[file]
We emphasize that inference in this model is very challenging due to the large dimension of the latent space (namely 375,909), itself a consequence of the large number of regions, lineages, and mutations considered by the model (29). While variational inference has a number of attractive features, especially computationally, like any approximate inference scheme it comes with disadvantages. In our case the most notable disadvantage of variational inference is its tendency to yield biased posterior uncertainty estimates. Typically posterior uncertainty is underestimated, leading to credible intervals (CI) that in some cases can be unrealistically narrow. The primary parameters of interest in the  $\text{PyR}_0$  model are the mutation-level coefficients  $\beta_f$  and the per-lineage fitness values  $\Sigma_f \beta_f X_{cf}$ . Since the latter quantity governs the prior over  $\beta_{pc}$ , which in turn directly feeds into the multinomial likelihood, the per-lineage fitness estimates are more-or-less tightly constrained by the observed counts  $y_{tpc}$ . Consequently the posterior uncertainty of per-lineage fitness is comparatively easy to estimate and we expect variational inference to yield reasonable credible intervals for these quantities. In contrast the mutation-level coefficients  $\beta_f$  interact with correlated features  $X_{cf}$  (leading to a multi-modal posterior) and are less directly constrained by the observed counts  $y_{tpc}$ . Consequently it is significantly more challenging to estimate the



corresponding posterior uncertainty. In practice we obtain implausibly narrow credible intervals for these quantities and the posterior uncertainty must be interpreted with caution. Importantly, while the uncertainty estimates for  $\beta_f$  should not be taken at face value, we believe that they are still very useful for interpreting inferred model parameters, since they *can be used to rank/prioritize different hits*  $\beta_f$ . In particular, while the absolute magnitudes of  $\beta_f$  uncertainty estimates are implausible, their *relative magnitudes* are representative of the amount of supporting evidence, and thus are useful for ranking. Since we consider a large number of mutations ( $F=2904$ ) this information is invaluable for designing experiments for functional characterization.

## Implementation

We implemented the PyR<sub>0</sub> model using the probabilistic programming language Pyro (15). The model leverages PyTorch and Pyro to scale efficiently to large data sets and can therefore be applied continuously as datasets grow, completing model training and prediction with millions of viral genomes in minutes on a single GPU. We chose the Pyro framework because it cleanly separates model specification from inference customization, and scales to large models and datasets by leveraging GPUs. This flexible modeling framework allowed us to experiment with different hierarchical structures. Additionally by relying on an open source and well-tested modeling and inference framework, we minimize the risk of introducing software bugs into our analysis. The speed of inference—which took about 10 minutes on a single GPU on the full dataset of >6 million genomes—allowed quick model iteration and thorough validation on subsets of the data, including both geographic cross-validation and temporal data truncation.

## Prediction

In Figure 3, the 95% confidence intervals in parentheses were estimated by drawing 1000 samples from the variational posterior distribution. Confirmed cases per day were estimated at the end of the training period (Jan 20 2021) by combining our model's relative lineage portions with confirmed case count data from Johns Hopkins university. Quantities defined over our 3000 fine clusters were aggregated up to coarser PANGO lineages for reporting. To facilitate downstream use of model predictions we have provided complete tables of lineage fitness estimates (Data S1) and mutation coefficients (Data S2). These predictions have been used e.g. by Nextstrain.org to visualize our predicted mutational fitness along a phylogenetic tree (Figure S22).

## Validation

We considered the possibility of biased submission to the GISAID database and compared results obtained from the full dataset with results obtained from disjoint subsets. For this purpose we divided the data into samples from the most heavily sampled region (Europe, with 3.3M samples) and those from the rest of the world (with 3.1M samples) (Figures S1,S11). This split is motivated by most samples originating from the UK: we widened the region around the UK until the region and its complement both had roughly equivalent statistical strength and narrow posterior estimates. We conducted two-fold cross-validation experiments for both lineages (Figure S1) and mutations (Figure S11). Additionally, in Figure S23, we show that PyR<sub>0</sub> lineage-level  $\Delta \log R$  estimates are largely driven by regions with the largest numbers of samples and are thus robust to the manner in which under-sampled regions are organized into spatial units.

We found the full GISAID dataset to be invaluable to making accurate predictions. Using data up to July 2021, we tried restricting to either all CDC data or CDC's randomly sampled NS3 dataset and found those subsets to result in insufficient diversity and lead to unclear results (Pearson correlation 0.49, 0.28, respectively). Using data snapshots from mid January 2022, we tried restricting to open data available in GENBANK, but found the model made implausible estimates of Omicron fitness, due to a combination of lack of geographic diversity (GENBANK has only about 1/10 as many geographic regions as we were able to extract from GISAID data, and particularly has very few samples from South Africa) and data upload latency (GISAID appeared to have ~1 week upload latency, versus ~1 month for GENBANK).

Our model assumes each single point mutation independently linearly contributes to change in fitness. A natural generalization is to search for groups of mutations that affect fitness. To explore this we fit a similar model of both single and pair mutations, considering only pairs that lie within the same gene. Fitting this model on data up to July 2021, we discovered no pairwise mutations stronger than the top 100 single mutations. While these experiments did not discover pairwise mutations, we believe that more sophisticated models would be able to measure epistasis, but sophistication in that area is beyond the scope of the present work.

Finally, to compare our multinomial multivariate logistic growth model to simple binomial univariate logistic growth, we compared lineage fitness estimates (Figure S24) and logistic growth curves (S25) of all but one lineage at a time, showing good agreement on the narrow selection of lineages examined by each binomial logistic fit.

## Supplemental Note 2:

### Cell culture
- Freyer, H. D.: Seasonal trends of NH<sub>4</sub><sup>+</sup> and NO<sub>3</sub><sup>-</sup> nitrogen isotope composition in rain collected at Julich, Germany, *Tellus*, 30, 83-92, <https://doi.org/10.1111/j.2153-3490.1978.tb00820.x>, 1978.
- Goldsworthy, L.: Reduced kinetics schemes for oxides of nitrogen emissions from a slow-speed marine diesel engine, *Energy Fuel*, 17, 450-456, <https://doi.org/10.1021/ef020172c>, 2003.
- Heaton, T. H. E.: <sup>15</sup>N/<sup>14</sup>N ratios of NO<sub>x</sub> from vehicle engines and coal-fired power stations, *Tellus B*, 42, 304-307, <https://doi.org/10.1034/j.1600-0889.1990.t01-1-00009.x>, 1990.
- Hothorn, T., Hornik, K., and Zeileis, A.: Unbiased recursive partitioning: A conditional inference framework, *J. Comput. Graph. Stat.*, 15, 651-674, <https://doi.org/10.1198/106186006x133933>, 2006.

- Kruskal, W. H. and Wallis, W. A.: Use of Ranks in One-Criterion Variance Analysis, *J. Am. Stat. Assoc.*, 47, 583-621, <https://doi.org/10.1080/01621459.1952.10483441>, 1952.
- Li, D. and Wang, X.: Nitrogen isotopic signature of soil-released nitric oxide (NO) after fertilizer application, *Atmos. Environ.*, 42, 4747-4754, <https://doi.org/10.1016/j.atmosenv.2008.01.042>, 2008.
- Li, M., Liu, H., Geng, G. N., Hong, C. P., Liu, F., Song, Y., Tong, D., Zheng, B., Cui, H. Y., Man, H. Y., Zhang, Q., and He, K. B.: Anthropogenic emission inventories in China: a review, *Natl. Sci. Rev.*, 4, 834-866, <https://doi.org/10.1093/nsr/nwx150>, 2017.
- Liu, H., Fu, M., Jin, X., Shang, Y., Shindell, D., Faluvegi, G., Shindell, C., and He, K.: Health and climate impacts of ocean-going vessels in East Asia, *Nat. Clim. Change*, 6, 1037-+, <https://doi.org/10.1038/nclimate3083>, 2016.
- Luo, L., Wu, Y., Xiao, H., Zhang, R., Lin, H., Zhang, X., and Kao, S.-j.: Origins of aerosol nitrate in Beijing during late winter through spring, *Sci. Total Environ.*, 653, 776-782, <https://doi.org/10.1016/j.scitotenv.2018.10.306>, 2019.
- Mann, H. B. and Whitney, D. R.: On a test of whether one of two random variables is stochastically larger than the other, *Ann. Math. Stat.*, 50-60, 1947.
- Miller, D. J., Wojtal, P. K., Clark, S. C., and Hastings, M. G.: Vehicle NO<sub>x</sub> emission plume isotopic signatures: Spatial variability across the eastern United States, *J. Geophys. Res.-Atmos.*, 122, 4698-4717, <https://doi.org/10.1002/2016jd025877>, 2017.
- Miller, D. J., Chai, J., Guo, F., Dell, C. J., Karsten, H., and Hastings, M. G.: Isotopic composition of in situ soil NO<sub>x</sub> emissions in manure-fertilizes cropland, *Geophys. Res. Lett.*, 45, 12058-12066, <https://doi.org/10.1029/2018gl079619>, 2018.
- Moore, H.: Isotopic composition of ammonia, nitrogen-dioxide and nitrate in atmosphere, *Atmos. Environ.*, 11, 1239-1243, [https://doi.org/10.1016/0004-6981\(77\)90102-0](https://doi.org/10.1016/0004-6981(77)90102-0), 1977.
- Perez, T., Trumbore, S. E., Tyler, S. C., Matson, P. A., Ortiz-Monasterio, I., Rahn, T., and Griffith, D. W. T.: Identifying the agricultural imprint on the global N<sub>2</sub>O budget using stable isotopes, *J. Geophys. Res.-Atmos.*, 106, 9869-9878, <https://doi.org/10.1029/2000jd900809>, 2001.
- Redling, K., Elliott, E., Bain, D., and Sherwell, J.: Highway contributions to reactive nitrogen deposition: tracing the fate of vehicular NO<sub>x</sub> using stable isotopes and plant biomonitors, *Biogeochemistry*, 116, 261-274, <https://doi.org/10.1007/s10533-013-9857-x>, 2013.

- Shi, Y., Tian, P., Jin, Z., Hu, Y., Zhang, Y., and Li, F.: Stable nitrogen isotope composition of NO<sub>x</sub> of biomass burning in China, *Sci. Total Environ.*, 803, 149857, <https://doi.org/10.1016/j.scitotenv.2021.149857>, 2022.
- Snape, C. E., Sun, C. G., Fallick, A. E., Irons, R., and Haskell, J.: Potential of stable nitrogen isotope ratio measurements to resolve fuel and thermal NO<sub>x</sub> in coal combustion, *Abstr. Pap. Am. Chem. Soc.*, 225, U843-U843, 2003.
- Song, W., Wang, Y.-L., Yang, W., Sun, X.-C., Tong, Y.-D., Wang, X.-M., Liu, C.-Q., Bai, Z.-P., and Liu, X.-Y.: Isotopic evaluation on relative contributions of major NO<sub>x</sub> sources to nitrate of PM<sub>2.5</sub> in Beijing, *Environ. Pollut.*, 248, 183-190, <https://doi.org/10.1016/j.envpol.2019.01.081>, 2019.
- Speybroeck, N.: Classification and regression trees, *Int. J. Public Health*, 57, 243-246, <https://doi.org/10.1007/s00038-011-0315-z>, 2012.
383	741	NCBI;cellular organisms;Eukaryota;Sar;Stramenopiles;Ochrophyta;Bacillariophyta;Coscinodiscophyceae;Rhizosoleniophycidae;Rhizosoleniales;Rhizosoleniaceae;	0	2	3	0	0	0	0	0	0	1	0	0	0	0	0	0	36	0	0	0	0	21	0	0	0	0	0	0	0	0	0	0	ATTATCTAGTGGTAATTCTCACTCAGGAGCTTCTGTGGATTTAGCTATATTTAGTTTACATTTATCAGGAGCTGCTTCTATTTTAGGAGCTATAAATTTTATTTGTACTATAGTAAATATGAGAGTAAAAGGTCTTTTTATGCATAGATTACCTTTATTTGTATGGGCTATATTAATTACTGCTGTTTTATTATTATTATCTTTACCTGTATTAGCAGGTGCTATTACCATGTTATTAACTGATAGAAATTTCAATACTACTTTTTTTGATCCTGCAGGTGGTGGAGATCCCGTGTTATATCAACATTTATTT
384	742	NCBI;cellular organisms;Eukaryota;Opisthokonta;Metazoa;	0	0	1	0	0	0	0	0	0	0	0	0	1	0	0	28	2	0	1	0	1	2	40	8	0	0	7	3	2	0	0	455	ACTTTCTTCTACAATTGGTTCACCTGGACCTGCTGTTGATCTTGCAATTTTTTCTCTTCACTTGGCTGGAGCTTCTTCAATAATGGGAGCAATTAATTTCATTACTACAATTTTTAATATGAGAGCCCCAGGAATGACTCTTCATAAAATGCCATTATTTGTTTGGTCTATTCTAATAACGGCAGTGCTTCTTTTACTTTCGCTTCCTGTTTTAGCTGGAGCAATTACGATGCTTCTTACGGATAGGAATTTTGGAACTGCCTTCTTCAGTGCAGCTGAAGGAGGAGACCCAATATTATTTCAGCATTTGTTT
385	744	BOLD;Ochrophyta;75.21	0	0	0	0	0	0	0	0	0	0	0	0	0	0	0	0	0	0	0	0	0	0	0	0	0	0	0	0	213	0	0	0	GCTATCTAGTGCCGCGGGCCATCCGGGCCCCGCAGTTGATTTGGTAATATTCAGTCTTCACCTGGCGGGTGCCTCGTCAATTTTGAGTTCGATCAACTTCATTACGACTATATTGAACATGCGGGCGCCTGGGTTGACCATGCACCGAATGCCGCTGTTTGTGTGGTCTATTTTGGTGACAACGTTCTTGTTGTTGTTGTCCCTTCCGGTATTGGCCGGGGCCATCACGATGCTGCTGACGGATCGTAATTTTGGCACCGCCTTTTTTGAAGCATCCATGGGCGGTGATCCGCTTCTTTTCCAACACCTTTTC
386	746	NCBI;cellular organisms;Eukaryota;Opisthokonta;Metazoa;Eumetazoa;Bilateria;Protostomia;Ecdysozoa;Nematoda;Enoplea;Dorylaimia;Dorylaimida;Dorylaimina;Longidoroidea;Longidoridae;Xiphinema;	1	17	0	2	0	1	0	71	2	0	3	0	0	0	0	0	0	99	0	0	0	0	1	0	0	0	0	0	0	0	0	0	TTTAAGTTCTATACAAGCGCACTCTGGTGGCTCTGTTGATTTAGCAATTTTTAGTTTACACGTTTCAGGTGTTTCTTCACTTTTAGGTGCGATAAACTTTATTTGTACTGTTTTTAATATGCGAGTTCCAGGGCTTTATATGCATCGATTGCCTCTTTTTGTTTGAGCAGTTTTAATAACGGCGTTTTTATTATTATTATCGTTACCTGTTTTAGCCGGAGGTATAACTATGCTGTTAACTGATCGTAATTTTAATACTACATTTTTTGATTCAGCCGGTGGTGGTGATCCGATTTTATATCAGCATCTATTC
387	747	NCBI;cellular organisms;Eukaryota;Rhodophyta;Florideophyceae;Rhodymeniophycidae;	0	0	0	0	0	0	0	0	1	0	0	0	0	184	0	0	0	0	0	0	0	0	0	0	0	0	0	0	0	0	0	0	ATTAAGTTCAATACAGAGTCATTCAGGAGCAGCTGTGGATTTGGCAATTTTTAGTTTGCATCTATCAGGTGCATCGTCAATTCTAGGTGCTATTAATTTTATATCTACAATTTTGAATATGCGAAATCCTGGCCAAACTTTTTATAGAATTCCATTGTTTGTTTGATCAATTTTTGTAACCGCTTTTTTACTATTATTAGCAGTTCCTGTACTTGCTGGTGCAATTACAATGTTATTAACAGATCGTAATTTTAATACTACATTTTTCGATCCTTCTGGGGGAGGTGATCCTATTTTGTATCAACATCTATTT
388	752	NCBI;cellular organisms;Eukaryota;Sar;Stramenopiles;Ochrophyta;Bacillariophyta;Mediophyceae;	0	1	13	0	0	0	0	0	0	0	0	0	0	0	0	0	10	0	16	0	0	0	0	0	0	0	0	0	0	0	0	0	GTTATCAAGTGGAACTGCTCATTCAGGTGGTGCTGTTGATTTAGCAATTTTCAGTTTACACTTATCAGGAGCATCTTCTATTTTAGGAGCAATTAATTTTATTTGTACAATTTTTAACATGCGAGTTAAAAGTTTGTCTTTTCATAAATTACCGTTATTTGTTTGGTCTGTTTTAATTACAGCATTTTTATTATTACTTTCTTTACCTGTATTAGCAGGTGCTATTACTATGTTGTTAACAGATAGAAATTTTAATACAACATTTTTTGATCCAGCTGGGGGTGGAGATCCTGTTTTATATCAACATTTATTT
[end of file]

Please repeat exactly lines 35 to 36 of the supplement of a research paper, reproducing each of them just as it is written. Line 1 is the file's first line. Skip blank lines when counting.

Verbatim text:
385	744	BOLD;Ochrophyta;75.21	0	0	0	0	0	0	0	0	0	0	0	0	0	0	0	0	0	0	0	0	0	0	0	0	0	0	0	0	213	0	0	0	GCTATCTAGTGCCGCGGGCCATCCGGGCCCCGCAGTTGATTTGGTAATATTCAGTCTTCACCTGGCGGGTGCCTCGTCAATTTTGAGTTCGATCAACTTCATTACGACTATATTGAACATGCGGGCGCCTGGGTTGACCATGCACCGAATGCCGCTGTTTGTGTGGTCTATTTTGGTGACAACGTTCTTGTTGTTGTTGTCCCTTCCGGTATTGGCCGGGGCCATCACGATGCTGCTGACGGATCGTAATTTTGGCACCGCCTTTTTTGAAGCATCCATGGGCGGTGATCCGCTTCTTTTCCAACACCTTTTC
386	746	NCBI;cellular organisms;Eukaryota;Opisthokonta;Metazoa;Eumetazoa;Bilateria;Protostomia;Ecdysozoa;Nematoda;Enoplea;Dorylaimia;Dorylaimida;Dorylaimina;Longidoroidea;Longidoridae;Xiphinema;	1	17	0	2	0	1	0	71	2	0	3	0	0	0	0	0	0	99	0	0	0	0	1	0	0	0	0	0	0	0	0	0	TTTAAGTTCTATACAAGCGCACTCTGGTGGCTCTGTTGATTTAGCAATTTTTAGTTTACACGTTTCAGGTGTTTCTTCACTTTTAGGTGCGATAAACTTTATTTGTACTGTTTTTAATATGCGAGTTCCAGGGCTTTATATGCATCGATTGCCTCTTTTTGTTTGAGCAGTTTTAATAACGGCGTTTTTATTATTATTATCGTTACCTGTTTTAGCCGGAGGTATAACTATGCTGTTAACTGATCGTAATTTTAATACTACATTTTTTGATTCAGCCGGTGGTGGTGATCCGATTTTATATCAGCATCTATTC